Sightings listed for the Southeastern Vermont Audubon Society

Wednesday, March 05, 2008

Bird Notes ~ March 5, 2008


Bird Notes




UMass Owl

Last night (2/7) at approx. 7 PM I sighted a BARRED OWL flying across a major roadway on the UMass Amherst campus. I turned my car around to see if I could follow it. I found it perched in a tree about 50 ft. from the road and it took flight when I got out of my car. It flew to a pine outside a dorm hall and sat there perched about 20 ft. off the ground, illuminated by the building's flood light. I decided to let it be since I know that the owls are struggling this winter. I hope it success in the hunt.

---Ben Riseman, Guilford


 A “Murder” of Crows

Thursday evening at dusk while standing in the Staple’s parking lot we saw a huge black cloud of birds appear in the sky flying westward. It was at dusk and hard to distinguish what they were. Too big for blackbirds, too small for Canada Geese but holding their proximity to each other as we had often times seen blackbirds do when flying in migration. We grabbed the spare binoculars from the glove compartment and identified them as Crows. They were undoubtedly heading for a nearby roost for the night. We had never seen them fly in this tight-knit group before. They are normally scattered and/or in long lines when heading for their roost.



A “Raffle” of Turkeys

Here at Chipmunk Crossing the turkeys are still showing up for their daily rations of cracked corn. The numbers have settled in at an average of eleven. Most are young males (Jakes). When the sun came out for a short time this afternoon they took advantage of its warmth to dry their feathers by standing around and stretching wings, fanning tails and preening feathers. (See attachment)


The Greenleaf Street crabapple tree that has been attracting Robins, Cedar Waxwings and Pine Grosbeaks for a couple of weeks now is finally without fruit and the gatherings of birds has ceased.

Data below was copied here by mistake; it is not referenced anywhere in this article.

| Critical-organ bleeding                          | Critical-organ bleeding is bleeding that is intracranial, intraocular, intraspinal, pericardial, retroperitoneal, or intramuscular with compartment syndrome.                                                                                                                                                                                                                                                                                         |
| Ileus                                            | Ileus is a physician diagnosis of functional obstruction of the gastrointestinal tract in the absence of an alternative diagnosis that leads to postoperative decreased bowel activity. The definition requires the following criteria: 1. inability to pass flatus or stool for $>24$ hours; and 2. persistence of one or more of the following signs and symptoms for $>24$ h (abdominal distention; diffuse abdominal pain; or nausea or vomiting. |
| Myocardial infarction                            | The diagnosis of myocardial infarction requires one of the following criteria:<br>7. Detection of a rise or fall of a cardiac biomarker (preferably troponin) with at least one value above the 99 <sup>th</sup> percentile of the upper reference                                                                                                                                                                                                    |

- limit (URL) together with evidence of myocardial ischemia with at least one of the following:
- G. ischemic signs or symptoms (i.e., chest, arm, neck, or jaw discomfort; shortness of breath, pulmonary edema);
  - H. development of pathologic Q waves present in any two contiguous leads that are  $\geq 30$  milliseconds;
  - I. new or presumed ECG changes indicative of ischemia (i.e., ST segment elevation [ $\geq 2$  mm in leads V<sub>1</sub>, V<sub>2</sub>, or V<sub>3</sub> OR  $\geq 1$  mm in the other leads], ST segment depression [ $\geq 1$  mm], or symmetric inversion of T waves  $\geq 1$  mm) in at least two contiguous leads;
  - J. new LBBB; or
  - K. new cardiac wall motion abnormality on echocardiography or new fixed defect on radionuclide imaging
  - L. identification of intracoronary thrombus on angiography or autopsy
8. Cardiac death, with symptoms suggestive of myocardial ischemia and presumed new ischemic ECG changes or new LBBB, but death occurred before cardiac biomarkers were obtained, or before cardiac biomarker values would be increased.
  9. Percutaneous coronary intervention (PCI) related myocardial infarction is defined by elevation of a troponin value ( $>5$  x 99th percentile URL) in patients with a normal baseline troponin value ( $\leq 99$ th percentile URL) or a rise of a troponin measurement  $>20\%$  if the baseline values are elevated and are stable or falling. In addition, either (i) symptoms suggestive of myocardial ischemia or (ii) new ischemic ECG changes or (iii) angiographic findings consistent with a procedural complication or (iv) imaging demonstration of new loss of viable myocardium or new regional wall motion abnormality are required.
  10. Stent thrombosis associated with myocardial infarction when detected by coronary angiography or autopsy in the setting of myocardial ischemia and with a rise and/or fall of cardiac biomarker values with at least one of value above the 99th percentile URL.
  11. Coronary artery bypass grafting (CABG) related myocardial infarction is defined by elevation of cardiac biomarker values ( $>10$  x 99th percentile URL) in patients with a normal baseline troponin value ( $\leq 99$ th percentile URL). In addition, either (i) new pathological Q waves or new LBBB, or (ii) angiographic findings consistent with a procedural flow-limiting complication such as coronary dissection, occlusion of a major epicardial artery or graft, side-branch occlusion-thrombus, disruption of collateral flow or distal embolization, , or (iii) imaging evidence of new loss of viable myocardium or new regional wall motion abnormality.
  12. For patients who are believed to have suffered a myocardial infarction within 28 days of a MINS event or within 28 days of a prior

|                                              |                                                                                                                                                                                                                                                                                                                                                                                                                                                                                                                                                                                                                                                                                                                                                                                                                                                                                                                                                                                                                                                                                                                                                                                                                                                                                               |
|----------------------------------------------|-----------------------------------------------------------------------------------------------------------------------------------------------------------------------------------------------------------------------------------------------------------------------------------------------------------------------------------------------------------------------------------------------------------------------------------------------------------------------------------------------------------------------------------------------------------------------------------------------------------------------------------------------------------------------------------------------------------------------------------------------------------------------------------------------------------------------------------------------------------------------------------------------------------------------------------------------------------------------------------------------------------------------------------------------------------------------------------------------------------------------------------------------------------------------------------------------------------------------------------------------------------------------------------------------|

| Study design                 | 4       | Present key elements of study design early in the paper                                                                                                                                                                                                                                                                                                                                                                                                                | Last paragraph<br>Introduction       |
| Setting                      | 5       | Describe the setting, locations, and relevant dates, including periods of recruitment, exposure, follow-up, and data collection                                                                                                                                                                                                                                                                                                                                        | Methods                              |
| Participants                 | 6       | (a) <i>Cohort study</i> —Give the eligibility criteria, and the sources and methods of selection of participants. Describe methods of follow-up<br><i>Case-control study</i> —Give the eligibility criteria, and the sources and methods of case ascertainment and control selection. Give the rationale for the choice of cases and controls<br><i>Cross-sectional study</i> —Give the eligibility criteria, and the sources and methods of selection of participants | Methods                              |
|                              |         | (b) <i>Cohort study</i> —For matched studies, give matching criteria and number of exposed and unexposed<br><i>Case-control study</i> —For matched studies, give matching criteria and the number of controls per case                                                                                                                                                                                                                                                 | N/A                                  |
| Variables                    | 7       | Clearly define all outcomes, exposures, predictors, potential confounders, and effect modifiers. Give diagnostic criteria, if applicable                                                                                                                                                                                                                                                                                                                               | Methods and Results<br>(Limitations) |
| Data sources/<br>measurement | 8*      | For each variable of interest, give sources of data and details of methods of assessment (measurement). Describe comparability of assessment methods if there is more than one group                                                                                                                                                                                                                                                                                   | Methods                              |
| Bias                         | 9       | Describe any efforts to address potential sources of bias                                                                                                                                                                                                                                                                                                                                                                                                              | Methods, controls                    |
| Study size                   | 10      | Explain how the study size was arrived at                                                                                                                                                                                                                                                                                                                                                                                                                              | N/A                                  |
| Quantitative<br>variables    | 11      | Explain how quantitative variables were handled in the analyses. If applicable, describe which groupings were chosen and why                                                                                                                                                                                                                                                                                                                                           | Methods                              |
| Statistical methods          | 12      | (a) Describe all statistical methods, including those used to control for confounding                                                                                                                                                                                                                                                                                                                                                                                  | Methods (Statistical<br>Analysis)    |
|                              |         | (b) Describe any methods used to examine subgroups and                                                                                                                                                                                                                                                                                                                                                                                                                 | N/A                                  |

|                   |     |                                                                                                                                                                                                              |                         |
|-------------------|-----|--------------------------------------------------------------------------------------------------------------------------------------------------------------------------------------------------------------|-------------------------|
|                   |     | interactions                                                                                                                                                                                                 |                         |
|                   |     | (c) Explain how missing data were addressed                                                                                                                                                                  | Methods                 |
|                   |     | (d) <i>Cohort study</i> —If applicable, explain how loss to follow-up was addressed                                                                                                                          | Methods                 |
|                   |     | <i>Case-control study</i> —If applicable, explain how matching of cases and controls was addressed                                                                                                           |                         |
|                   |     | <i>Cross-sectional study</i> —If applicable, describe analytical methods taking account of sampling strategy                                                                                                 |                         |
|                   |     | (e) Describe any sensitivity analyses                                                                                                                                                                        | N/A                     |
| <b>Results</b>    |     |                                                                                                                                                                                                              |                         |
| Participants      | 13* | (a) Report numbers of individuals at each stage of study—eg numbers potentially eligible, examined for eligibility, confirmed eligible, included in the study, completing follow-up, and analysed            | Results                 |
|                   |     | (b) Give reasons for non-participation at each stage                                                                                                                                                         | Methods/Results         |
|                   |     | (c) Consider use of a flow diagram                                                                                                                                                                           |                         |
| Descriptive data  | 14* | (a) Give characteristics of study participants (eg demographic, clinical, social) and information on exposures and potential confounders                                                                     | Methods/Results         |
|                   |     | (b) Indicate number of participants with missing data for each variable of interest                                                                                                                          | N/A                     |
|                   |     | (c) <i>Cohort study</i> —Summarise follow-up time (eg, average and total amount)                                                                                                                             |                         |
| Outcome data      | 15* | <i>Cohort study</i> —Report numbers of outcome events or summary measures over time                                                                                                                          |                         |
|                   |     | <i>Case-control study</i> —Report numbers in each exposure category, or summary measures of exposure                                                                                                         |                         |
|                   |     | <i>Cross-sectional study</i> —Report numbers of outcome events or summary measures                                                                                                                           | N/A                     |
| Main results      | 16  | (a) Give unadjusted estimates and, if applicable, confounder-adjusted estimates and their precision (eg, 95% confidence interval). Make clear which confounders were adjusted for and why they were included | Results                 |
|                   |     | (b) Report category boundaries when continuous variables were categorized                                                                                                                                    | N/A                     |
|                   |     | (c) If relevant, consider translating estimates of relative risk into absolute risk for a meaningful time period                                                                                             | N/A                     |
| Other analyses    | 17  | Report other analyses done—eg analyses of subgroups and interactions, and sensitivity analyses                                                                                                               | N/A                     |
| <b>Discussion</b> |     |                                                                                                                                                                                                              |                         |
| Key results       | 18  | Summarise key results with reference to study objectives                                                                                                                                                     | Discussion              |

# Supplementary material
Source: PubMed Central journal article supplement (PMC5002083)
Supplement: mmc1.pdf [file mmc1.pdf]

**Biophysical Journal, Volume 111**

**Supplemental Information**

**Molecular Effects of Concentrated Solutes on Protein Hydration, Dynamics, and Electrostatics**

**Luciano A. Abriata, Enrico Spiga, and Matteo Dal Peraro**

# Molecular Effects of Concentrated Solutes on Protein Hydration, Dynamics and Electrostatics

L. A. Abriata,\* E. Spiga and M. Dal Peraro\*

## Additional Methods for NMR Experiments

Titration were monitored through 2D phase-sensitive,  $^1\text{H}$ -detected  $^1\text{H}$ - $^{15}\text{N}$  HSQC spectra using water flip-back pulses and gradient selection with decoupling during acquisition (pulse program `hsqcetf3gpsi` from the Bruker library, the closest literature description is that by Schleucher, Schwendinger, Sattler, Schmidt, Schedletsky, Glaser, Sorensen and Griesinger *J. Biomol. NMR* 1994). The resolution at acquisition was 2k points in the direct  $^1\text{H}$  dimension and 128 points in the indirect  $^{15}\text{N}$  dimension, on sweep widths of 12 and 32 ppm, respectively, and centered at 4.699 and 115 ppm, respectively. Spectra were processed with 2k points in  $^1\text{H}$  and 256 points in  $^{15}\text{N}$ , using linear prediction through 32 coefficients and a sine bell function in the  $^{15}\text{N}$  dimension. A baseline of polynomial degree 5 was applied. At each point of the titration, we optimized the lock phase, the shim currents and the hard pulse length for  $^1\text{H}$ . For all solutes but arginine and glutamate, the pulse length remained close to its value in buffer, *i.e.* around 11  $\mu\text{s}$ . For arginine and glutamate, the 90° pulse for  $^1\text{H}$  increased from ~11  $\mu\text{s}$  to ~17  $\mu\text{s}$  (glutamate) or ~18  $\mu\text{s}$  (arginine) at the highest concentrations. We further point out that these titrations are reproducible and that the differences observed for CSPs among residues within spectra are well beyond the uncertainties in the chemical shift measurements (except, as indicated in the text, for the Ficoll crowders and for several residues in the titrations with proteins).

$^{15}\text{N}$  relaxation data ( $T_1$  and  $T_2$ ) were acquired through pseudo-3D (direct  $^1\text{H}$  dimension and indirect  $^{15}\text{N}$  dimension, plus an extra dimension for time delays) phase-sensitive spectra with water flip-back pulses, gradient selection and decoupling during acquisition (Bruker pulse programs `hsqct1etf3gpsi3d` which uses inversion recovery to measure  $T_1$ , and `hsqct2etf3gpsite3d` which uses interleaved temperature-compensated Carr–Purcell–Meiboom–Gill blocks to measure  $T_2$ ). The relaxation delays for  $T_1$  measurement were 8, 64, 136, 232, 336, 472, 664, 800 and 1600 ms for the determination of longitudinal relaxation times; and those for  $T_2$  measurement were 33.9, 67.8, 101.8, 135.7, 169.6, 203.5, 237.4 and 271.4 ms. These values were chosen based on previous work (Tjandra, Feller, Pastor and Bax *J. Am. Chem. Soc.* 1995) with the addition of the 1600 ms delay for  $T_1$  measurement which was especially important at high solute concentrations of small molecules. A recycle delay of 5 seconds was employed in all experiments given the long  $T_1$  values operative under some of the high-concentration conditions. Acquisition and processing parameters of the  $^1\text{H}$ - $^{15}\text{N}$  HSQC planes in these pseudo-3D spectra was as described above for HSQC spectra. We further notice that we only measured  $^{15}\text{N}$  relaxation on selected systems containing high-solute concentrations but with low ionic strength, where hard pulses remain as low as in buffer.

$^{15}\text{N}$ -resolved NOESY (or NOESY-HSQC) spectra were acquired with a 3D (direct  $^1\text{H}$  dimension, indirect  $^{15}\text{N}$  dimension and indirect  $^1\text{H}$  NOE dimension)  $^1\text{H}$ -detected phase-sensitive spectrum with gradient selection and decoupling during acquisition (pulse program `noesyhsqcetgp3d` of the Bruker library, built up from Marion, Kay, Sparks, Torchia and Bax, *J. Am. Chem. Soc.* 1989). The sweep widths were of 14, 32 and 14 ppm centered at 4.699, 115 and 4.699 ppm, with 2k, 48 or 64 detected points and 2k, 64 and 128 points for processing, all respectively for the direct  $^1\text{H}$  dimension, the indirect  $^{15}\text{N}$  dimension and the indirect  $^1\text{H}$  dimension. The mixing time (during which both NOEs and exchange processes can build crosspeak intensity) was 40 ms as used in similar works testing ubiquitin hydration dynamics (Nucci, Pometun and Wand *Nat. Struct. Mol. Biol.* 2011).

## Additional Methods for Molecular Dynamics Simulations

Easter 2008

Easter is always the 1st Sunday after the 1st full moon after the Spring Equinox (which is March 20). This dating of Easter is based on the lunar calendar that Hebrew people used to identify Passover, which is why it moves around on our Roman calendar.
Here's the interesting info. This year is the earliest Easter any of us will ever see the rest of our lives! And only the most elderly of our population have ever seen it this early (95 years old or above!). And none of us have ever, or will ever, see it a day earlier! Here are the facts:
1) The next time Easter will be this early (March 23) will be the year 2228 (220 years from now). The last time it was this early was 1913 (so if you're 95 or older, you are the only ones that were around for that!).
2) The next time it will be a day earlier, March 22, will be in the year 2285 (277 years from now). The last time it was on March 22 was 1818. So, no one alive today has or will ever see it any earlier than this year!


Don’t forget to turn your clocks ahead on Saturday evening.




Please keep us abreast of what birds you are seeing, whether at home or on a trip in or out of the Windham County area.


Al Merritt

W. Brattleboro, VT


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